- China’s solar industry is growing rapidly. China produced 35% of the global supply of solar PV in 2007, up from 20% in 20062, most of which are exported to other markets. However, with continuing decreases in solar technology costs, domestic use should start to grow. China already accounts for 70% of global production and use of solar hot water heating systems.
- Non-fossil energy sources such as organic and municipal waste and methane gas captured from coal mining are playing increasingly important roles in energy production in both the public and private sectors. Just last year the national government added a 0.25 yuan feed-in tariff to encourage biomass use in power production with a goal of reaching 30 GW of biomass-to-power by 2030. This is in addition to industrial biomass use, with already 1600 such plants in operation nationwide, and over 50 cities running waste-to-energy plants. China’s national goal is to process 30% of total municipal waste into energy by 2030.
To meet the national energy intensity target, China has also:
- Established rural vehicle fuel economy standards. As of June 1, 2008, on-road, off-road, and farm vehicles in rural areas are now covered by Chinese fuel efficiency regulations, which already require an average fuel economy standard of 34 mpg. This will more than double the number of vehicles in China required to meet this standard.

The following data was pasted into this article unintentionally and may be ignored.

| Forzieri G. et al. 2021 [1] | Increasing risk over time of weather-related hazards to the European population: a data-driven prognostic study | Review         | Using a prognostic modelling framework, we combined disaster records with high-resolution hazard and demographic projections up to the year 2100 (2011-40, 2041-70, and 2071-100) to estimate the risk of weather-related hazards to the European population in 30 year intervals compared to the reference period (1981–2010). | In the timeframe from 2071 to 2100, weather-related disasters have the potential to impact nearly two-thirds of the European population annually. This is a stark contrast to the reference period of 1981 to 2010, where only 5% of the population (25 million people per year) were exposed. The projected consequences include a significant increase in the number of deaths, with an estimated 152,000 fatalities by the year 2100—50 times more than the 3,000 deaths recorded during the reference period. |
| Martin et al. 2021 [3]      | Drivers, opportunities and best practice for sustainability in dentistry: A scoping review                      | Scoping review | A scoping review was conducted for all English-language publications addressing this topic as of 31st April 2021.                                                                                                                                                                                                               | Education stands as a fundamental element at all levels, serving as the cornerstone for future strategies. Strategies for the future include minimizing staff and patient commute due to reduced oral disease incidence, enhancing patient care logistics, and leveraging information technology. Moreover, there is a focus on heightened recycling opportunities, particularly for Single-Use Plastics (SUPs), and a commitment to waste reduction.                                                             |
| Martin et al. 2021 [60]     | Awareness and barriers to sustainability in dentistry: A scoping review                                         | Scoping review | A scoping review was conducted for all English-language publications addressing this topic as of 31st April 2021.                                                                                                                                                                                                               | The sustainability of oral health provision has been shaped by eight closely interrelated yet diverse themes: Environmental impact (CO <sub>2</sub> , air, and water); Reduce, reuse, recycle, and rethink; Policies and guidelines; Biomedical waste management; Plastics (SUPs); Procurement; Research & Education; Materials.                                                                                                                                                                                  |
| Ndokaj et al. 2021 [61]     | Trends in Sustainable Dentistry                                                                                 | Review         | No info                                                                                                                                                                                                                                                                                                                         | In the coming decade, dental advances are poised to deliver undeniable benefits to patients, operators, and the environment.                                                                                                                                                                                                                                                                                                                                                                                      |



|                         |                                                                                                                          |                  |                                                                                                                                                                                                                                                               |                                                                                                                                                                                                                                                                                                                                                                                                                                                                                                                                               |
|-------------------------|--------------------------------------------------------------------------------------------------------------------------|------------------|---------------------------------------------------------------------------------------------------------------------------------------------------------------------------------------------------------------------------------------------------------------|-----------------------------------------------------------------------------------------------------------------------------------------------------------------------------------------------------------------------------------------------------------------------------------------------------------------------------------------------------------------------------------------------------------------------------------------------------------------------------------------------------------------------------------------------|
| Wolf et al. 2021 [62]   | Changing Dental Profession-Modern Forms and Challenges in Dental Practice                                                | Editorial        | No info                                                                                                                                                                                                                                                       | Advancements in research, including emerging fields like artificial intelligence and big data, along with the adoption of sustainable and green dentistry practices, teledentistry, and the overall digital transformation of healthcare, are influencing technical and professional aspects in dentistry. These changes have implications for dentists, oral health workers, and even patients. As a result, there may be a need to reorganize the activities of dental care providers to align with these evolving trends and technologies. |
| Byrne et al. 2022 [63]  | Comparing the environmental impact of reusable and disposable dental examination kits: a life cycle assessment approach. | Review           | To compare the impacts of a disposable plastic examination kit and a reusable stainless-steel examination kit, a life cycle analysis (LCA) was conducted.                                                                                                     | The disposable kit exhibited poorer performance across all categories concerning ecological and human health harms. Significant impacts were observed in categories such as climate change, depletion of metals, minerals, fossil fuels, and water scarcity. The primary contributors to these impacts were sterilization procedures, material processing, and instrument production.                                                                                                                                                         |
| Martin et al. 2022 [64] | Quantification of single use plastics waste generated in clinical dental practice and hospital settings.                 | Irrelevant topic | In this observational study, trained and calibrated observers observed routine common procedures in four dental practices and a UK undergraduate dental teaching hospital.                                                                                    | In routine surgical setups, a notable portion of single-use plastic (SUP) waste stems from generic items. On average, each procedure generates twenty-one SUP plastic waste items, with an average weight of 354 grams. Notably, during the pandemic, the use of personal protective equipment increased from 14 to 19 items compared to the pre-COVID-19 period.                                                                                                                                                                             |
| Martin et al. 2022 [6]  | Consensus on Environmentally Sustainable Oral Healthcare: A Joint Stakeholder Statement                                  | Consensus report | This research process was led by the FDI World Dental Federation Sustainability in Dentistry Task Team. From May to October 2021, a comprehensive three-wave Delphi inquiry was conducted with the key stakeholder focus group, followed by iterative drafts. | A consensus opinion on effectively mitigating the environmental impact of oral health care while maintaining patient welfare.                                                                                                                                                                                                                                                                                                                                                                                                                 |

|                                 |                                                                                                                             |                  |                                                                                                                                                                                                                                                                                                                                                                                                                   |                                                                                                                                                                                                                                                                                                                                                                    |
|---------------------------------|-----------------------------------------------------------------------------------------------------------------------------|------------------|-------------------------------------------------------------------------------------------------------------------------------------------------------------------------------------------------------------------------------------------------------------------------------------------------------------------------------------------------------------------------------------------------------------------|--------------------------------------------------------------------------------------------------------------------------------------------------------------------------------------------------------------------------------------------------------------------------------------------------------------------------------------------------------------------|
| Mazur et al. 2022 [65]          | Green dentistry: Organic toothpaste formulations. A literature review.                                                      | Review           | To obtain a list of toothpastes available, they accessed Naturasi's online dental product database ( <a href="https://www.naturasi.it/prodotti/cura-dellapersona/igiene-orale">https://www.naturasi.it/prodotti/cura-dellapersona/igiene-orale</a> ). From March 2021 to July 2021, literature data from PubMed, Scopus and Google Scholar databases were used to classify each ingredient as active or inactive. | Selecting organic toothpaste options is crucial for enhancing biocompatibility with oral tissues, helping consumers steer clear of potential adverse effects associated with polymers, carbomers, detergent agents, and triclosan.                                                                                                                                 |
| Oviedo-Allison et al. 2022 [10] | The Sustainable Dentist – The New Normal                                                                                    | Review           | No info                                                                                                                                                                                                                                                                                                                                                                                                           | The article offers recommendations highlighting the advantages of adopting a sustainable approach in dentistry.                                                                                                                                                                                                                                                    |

- Mandated new efficiency goals for industry. China’s new Energy Conservation Law went into effect on April 1, 2008. This law requires all local governments to submit their plans for increased urban energy efficiency, including buildings and public transportation, to the central government, and added industries to the previous 1997 law, among them construction, transportation, and government buildings.
- Increased building efficiency. Thanks to clearer regulations and increasing enforcement, progress is being made in new building construction. According to recent government statistics, 97% of new buildings in urban areas meet efficiency codes at the design stage and 71% at the construction stage, up respectively from 17% and 1% in 2006.